SUCCESSOR TO THE WATERTOWN REPUBLICAN.
WATERTOWN. JEFFERSON COUNTY. WIS.. SEPTEMBER 22. 1911.
News of the Diamond.
STANDING OF THE TEAMS.
Team — Won. Lost. Pet.
Eosciuskos I*s 5 .7*52
Watertown 15 7 .1582
Weinbrenners 14 7 .6*U5
Burghardts 10 9 .526
McG reals 10 10 .500
Oconomowoe 8 9 .471
English Woolens 8 12 .400
Sisson & Sewell 7 18 .350
Speer’s Bonfields 4 15 .211
RESULTS OF SUNDAY’S GAMES.
Sisson & Sewell’s, 4; Kosciuskoe, 2.
Weinbrenners, 7; Oconomowoe. 3.
Watertown, 3; Burghardts, 2.
Speer’s Bonfleld, 4; English Woolens, 2.
WATERTOWN 3, BURGHARDTS 2.
Heavy hitting in the eighth inning
gave the Watertown team a 3 to 2 victory
over the Burghardts at Watertown.
George Richards twirled a fine game for
the champs as did Joe Shabert for the
Burghardts. The score:
Watertown 0 0 0 0 1 0 0 2 x—3
Burghardts 1 0 00000200— 2
Summary: Two-base nits — W. Rich
ards, Schmidt. Three base hits —G. Rich
ards, Krouitz. Bases on bails —Oi£ G,
Richards, 2; off Schabert, 1. Struck out
—by G. Richards, TANARUS; uy Schabert, 7.
Stolen bases —Aoei (2), Ruedig, Etonian,
O. Jeske. Bauble play —Jaive to L. Jeske*
The Waternovvn Bittners were victor
ious Sunday, winning from Columbus in
a game played in that city by a score of
Bto 5. The batteries were Heitz and
Maerzkefor the BittnersaudMueller ami
and Kublitz for Columbus. Mueller was
formerly a city league pitcher, pitching
for Uconomowoc. Each team had eleven
hits to their credit and five strike- outs
The Van Camp base ball boys took
another game from the Brandt-Dent
team last Saturday by a score of 12 to
13, ten innings being played to decide
the battle. On Saturday, Sept. 30, the
Van Camps will try conclusions with
the 1 L. Henry Cos. team.
A Fierce Night Alarm,
is the hoarse, startling cough of a child,
suddenly attacked by croup. Ofteu it
aroused Lewis Chamblin, of Manchester,
0., [R. R, No. 2] for their four children
were greatly subject to croup. “Some
times in severe attacks,” he wrote “we
were afraid they would die, but since we
proved what a certain remedy Dr. King’s
New Discovery is, we have no fear. We
rely on it for croup and for coughs, colds
or any throat or lung tr >ubie.” So do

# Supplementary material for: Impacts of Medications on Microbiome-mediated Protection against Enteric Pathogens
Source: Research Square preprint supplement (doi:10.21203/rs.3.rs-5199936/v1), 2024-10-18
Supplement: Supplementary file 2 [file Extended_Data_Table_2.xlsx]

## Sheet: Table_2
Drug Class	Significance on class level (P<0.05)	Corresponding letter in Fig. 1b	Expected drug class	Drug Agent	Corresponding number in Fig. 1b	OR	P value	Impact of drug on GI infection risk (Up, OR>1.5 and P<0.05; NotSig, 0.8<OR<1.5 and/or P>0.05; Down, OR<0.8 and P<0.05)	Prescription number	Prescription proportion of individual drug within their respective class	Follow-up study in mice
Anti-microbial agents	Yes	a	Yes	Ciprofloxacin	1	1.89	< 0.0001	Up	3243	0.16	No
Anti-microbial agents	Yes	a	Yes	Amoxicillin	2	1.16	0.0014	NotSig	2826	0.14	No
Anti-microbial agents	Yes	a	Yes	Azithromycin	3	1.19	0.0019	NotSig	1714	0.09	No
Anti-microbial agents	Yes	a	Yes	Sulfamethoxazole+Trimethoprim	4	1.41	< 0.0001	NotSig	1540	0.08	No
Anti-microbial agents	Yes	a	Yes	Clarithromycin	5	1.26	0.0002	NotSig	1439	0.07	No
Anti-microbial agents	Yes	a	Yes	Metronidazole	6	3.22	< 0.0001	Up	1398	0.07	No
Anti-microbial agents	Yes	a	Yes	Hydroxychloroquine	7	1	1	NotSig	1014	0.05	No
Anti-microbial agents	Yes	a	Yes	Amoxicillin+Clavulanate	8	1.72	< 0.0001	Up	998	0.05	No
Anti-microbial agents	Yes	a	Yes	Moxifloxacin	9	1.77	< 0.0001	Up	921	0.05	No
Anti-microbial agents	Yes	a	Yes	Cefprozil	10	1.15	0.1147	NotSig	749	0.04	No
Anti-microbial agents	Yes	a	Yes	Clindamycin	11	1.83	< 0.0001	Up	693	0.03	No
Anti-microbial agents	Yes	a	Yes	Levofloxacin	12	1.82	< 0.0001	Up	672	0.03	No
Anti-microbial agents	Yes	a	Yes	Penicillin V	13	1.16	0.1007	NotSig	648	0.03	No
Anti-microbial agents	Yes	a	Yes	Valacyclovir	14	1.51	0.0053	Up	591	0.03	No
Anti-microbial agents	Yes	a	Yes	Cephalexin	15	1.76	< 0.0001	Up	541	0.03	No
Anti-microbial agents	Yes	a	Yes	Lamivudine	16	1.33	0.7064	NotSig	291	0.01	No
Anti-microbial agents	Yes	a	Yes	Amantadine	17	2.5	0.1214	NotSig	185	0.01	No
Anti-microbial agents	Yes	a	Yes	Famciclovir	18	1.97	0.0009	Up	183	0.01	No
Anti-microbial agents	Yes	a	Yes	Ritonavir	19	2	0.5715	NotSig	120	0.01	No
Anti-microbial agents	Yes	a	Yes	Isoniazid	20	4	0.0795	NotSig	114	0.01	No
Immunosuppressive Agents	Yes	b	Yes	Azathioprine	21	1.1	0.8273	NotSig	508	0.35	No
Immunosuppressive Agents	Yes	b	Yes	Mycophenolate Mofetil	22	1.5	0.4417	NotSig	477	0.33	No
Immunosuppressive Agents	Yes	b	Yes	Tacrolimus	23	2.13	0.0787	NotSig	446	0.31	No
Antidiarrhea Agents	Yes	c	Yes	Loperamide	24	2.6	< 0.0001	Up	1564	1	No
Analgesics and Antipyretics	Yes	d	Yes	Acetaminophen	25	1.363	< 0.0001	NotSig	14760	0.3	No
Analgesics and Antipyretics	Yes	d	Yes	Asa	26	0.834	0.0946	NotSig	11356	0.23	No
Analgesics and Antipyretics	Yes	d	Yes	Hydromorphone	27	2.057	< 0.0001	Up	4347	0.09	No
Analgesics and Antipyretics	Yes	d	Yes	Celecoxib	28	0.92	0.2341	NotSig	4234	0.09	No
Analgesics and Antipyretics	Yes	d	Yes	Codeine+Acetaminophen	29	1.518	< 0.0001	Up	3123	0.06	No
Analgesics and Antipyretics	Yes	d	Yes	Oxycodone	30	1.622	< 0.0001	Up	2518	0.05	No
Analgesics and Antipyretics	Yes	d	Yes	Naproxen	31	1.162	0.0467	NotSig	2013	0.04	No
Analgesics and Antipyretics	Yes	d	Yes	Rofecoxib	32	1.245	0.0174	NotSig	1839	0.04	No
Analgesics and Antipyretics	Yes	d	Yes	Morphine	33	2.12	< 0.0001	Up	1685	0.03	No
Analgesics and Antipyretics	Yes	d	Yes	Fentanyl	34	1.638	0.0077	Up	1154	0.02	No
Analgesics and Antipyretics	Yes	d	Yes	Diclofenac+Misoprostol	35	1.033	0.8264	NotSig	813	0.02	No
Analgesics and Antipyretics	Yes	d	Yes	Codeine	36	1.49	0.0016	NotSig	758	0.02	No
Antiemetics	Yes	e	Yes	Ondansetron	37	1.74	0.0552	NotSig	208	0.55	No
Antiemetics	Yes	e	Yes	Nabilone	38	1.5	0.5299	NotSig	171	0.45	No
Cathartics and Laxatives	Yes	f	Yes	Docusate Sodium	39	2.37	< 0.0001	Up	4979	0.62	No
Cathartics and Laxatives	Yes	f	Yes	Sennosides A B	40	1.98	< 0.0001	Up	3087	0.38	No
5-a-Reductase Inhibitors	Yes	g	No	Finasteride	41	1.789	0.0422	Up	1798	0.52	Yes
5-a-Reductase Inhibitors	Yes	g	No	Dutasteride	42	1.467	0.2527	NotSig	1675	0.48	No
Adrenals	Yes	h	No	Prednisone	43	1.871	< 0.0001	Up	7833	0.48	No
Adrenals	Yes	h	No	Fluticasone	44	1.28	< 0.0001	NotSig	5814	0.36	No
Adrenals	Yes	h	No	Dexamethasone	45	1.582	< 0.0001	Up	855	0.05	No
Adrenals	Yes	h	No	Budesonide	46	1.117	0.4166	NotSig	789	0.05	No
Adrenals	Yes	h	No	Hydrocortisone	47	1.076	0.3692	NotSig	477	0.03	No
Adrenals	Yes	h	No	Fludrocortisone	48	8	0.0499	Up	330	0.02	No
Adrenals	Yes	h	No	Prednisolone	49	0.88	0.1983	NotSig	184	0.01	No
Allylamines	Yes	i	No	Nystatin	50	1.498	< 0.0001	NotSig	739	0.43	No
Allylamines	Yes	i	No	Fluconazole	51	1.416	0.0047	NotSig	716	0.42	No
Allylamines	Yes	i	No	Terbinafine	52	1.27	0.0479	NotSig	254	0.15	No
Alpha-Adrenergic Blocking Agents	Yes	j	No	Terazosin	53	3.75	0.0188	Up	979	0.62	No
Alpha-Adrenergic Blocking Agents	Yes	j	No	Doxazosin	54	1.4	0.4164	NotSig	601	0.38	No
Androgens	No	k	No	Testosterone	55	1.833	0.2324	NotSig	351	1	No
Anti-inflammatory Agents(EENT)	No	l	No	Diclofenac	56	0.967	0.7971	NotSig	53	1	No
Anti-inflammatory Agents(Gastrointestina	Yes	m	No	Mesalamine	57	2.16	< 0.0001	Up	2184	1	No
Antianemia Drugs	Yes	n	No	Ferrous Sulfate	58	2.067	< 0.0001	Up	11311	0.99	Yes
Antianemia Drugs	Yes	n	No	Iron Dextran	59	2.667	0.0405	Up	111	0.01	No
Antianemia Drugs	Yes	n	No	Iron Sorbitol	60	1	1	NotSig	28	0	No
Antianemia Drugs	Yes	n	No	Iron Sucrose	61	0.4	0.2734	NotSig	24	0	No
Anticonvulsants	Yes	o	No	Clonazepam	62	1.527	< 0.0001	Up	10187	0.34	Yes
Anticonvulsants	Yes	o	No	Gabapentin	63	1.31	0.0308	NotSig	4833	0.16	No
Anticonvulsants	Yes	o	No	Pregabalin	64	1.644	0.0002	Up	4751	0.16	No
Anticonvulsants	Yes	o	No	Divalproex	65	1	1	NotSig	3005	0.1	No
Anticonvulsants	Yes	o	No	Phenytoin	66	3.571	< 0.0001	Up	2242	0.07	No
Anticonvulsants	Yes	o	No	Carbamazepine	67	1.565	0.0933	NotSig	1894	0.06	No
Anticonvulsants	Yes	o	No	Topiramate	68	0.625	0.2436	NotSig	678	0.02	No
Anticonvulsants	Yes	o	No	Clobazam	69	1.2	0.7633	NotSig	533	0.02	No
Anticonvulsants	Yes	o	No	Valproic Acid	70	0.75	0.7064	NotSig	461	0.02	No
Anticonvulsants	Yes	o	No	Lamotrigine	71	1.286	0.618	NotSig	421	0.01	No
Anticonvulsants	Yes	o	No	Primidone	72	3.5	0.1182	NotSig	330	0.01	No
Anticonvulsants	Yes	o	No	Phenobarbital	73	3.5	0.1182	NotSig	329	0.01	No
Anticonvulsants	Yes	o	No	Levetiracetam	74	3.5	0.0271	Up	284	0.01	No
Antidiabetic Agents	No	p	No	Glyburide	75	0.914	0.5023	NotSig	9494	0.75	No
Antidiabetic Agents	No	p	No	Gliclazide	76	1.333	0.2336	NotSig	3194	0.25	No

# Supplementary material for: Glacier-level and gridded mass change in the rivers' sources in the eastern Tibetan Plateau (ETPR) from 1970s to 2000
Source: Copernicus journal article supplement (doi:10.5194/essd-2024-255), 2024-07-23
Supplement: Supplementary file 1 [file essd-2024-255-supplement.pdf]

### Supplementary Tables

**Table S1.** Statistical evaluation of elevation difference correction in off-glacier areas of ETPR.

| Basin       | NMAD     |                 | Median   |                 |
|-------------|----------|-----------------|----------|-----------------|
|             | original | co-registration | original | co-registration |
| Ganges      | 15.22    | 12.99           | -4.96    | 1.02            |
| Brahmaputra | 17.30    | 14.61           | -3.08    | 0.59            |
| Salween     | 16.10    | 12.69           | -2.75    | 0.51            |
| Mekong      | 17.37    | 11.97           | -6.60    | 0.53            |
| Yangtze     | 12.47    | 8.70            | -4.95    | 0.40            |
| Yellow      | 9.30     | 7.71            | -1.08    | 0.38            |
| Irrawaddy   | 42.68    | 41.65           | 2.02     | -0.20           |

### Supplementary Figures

thousands of others. So may you. Asth
ma, Hay Fever, La Grippe, Whooping
Cough, Hemorrages fly before it. 50c
and $l.OO. Trial bottle free. Sold by
Gamm Drug Cos.
Mrs. Gran Griggs of Milwaukee, moth
er to James R. Griggs, 201 Warren street,
who had beeu here for a month visiting
him and his family and friends at Hub
bleton and Lake Mills left on her return
home Saturday. Mrs. Griggs and her
husband came to this section sixty-five
years ago from Switzerland and kept a
stopping place at Hubbleton for many
years and was esteemed by all who knew
her for her gentleness and kindness. She
and her husband were among those who
came here with the parents\of our veter
an policeman, L. Bruegger, from the
land across the ocean.
John Whyte has gone to New York,
having accepted the position as instruct
or of German in the university in that
city. Mr. W. is one of the best scholars
in that language in this country.
HT* Isc HER clothes are not confined to men
of one age, each individual taste and de"
sire is instantly and satisfactorily met, from
the dashing, daring College Chap to the quiet,
sedate dresser of subdued requisites.
Most important is the fact that FISCHER
clothes while second to none in quality, are
extremely moderate in price and purchasing
can be done at our Store without the strain
ing of purse strings.
We look forward with pleasure to your
early call which will permit us the opportu
nity to display to your inspection FISCHER
clothes of fashion and let you judge for your
self their many merits.
CHAS. FISCHER & SON CO.
Editor of the Leader:
I see that the common council is con
sidering an ordinance to close the sa